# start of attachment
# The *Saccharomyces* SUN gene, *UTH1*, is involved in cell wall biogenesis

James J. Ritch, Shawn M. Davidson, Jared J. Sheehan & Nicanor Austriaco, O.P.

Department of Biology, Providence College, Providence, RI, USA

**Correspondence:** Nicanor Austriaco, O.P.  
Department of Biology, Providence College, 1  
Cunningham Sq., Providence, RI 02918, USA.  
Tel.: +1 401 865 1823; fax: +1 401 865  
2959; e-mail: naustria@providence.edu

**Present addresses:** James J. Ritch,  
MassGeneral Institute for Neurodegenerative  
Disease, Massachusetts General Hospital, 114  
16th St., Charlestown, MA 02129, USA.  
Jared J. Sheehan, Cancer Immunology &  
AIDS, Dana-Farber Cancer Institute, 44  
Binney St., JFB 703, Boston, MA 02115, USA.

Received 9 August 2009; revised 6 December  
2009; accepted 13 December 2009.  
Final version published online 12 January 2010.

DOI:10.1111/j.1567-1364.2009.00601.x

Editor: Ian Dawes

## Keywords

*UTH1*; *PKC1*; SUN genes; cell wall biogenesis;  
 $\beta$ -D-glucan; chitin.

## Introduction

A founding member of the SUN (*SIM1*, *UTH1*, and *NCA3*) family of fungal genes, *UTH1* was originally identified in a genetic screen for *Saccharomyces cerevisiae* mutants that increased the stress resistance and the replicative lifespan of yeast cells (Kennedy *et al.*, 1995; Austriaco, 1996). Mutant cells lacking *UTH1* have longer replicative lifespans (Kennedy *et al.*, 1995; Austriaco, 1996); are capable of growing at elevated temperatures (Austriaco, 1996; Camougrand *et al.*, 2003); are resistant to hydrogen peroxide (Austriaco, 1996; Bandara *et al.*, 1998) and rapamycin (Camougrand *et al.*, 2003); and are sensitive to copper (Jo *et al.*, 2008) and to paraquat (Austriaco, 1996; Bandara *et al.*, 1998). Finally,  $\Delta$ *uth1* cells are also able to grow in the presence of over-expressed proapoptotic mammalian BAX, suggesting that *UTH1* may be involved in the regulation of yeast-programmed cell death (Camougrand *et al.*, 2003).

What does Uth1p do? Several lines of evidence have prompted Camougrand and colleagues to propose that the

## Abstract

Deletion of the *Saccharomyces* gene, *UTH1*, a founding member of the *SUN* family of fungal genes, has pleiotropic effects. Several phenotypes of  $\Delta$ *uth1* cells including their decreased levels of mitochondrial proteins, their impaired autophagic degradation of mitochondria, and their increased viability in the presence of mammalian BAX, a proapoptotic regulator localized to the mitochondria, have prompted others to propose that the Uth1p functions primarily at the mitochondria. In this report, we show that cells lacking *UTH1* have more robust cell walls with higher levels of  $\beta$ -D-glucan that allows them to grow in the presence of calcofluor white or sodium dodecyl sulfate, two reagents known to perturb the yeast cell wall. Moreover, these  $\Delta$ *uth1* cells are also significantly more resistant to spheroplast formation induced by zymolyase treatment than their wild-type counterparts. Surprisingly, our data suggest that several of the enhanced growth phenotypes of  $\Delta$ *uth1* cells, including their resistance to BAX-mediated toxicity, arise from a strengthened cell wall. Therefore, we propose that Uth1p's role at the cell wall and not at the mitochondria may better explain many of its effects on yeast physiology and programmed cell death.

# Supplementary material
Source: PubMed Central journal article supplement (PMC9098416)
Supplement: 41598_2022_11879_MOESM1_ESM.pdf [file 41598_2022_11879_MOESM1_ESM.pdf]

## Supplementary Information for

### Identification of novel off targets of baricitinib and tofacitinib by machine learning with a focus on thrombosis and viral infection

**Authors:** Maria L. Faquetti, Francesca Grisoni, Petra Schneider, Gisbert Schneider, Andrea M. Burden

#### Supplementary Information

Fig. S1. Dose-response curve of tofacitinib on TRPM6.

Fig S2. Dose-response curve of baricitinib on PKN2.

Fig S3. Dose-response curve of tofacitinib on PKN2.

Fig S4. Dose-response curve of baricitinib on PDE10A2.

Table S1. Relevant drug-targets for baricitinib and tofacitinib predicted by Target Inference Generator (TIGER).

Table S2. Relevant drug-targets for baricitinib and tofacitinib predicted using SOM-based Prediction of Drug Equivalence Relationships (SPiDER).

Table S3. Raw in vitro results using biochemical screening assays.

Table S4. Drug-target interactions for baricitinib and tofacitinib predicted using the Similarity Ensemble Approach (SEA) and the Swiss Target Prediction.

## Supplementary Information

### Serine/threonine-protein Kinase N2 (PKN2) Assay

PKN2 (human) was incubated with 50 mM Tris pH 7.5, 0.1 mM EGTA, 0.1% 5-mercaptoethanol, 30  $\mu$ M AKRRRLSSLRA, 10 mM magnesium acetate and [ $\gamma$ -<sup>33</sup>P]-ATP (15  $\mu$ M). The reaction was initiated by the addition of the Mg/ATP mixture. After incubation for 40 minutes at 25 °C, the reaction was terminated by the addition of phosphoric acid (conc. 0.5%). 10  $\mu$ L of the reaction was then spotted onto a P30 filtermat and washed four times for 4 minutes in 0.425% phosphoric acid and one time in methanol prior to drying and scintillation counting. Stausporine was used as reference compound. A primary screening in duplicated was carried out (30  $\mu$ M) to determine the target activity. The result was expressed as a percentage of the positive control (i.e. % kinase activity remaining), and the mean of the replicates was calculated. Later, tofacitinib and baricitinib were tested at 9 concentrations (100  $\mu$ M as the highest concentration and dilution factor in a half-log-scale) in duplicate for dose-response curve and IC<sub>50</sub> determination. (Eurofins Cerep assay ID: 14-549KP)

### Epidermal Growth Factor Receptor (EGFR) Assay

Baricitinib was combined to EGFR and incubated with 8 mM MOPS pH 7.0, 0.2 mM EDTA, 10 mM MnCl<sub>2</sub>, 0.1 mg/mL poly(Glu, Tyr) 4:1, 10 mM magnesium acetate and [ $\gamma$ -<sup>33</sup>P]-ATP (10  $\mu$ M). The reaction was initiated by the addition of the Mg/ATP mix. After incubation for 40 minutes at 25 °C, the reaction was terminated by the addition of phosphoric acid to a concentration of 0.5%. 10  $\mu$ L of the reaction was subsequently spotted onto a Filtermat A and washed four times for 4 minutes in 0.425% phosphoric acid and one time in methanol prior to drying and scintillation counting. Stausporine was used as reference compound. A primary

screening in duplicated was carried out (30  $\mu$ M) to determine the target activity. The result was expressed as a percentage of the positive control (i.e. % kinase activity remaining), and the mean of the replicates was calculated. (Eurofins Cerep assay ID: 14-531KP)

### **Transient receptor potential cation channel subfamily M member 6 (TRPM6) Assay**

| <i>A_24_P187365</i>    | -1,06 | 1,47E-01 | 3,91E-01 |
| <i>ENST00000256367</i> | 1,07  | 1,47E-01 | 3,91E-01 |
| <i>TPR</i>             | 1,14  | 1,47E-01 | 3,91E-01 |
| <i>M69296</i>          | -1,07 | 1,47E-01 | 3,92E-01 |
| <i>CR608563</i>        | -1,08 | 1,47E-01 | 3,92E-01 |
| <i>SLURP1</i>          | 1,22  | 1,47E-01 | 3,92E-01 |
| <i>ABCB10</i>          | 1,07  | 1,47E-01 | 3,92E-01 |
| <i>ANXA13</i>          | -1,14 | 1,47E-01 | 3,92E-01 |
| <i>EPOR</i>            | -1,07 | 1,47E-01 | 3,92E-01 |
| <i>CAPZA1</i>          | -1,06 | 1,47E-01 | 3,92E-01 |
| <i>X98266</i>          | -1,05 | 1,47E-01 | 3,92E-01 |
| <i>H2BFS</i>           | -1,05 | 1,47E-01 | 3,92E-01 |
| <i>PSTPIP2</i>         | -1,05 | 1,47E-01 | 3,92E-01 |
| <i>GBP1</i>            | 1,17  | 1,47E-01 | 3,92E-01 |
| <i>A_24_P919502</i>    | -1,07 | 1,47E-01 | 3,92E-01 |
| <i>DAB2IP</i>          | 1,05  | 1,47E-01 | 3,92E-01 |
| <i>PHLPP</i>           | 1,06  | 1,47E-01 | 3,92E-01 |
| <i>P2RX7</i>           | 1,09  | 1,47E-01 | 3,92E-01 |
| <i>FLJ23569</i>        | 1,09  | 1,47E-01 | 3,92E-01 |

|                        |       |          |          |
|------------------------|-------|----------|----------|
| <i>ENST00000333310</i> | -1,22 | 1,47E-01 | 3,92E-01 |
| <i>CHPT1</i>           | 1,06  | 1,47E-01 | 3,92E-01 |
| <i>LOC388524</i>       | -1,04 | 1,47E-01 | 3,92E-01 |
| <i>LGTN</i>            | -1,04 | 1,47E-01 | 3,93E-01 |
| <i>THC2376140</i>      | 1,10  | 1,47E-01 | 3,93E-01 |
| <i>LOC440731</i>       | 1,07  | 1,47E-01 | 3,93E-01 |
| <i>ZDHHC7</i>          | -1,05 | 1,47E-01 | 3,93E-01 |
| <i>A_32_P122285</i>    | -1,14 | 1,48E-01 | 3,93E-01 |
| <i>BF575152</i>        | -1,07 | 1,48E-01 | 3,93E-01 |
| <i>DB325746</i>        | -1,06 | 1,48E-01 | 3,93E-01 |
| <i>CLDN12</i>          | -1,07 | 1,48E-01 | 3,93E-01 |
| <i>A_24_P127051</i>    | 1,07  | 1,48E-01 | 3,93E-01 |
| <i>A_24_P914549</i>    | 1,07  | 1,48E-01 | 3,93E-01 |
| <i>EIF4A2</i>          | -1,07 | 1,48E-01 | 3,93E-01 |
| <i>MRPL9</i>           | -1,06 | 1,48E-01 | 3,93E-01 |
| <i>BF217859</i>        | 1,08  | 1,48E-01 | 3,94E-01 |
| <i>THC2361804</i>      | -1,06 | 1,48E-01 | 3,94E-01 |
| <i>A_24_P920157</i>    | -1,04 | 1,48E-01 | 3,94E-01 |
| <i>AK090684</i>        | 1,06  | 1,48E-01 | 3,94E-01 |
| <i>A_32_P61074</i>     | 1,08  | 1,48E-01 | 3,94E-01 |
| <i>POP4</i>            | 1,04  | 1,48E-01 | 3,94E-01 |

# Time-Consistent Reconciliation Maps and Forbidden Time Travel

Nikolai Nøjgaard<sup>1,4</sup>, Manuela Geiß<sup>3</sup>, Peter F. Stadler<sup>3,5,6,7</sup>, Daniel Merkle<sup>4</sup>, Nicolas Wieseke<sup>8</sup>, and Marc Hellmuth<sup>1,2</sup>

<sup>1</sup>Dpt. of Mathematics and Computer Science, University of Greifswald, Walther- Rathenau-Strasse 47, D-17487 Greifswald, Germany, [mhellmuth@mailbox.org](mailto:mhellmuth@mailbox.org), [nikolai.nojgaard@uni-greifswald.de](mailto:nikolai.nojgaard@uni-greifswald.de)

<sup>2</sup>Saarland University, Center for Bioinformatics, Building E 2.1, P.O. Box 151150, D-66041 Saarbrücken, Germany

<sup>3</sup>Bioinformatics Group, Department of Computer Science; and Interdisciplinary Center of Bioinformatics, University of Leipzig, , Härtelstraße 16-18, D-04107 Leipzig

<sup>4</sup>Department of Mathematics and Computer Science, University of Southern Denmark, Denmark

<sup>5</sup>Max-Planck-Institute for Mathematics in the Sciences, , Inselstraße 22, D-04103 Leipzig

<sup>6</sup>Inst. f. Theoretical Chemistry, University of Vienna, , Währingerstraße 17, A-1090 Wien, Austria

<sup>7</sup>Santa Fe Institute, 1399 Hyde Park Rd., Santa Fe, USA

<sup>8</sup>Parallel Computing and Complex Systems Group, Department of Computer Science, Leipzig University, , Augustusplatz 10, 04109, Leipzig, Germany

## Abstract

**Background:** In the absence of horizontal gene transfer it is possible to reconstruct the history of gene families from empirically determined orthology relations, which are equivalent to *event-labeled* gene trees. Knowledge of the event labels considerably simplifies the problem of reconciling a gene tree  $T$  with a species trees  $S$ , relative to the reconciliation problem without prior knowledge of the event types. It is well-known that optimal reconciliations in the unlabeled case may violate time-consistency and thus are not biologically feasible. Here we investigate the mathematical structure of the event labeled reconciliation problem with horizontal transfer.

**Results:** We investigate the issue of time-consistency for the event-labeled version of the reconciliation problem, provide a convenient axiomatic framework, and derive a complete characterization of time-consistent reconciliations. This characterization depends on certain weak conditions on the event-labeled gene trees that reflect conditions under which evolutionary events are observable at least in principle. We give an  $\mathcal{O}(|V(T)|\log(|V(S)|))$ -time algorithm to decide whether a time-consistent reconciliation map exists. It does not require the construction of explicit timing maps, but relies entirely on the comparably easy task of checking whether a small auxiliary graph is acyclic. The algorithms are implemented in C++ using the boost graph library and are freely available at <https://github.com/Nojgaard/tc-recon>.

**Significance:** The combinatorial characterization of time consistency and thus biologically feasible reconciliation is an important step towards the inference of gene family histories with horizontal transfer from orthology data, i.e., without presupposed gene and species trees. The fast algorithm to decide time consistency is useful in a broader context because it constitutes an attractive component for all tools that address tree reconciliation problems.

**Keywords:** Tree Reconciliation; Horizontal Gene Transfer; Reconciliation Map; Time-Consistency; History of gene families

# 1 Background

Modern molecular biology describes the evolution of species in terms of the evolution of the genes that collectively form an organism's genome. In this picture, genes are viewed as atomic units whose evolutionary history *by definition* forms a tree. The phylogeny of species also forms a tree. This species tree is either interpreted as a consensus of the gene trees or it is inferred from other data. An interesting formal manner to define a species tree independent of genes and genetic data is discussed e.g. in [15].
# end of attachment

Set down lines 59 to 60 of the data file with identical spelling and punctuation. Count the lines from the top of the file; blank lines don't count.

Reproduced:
| <i>EPOR</i>            | -1,07 | 1,47E-01 | 3,92E-01 |
| <i>CAPZA1</i>          | -1,06 | 1,47E-01 | 3,92E-01 |